This Comment is divided into six parts. Part II examines the historical and constitutional understandings and application of eminent domain and the public use requirement. Part III analyzes cases decided under the U.S. and Washington constitutions in which courts upheld condemnors' rights to abandon or fail to fulfill the public use of the condemned property. Part IV discusses cases outside of Washington in which courts have upheld the validity of takings even though the condemnor subsequently abandoned or failed to fulfill the public use. These cases illustrate the need for more substantive and procedural protections for condemnees. Part V argues that allowing condemnors to abandon the public use is inconsistent with the public use requirement of the federal and Washington constitutions. This Part also examines possible procedural and substantive protections to protect condmnees from arbitrary or speculative takings and recommends that the legislature enact some, but not all, of these protections.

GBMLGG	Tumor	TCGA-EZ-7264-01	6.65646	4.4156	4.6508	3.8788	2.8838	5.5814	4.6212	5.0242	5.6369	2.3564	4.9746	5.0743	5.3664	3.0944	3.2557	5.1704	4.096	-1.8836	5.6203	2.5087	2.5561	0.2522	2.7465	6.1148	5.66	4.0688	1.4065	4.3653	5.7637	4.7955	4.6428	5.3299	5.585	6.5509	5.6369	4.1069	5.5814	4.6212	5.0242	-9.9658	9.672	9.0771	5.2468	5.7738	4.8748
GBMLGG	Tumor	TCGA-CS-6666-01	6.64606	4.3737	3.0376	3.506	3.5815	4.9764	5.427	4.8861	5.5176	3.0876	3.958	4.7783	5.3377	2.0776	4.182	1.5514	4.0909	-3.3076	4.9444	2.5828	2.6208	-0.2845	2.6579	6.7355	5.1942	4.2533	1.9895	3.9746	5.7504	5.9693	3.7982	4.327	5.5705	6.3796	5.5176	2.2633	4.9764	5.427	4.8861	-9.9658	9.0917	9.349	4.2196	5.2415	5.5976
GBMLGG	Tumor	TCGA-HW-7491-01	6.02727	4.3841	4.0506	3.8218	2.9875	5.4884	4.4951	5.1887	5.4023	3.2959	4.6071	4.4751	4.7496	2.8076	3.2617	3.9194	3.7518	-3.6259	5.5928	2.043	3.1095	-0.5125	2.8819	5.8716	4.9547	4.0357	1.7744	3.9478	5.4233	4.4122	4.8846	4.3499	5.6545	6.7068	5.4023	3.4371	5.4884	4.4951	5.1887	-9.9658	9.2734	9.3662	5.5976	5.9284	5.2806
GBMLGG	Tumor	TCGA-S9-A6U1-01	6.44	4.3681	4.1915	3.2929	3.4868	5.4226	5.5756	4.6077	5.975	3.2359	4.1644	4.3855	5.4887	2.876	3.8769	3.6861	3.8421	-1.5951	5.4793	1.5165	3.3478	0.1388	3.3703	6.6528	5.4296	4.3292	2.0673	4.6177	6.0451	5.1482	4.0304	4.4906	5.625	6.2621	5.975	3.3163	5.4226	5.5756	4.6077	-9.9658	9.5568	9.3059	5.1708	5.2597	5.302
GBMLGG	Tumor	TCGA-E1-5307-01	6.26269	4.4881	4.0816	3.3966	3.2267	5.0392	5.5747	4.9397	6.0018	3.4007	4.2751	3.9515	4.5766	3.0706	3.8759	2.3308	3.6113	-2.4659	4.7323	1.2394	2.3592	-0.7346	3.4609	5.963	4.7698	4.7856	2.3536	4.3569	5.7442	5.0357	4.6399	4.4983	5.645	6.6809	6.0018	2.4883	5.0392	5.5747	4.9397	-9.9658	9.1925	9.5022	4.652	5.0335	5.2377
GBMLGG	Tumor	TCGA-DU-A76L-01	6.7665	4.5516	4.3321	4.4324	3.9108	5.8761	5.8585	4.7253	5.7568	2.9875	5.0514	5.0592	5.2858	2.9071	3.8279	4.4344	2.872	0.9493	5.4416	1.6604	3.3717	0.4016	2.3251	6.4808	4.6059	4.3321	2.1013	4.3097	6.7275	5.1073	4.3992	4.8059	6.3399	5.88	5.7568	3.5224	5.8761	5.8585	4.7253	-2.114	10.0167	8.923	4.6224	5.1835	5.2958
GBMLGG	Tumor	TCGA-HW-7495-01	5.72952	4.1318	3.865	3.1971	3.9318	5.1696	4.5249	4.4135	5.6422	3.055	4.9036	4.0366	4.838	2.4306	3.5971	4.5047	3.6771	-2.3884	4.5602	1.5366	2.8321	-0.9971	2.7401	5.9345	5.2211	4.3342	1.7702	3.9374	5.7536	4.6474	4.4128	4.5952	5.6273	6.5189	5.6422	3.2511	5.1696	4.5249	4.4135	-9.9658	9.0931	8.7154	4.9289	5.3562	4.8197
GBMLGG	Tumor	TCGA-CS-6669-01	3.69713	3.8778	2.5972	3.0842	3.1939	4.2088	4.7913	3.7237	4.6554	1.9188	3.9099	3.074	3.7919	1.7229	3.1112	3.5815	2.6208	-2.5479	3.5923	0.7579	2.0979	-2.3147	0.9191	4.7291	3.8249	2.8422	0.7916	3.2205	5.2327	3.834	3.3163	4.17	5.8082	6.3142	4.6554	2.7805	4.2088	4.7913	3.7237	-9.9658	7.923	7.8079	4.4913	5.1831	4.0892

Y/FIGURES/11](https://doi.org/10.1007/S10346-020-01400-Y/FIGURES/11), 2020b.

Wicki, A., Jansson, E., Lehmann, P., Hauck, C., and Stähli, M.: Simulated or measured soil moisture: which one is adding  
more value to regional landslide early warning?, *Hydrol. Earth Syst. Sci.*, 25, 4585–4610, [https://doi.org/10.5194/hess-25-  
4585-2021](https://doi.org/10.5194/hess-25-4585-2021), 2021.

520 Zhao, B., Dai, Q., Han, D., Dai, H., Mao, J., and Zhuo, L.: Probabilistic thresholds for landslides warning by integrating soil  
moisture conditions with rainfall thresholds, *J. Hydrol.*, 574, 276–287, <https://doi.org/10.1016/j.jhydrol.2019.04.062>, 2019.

Cristin Kent, Condemned if They Do, Condemned if They Don't: Eminent Domain, Public Use Abandonment, and the Need for Condemnee Protections, 30 SEATTLE U. L. REV. 503 (2006).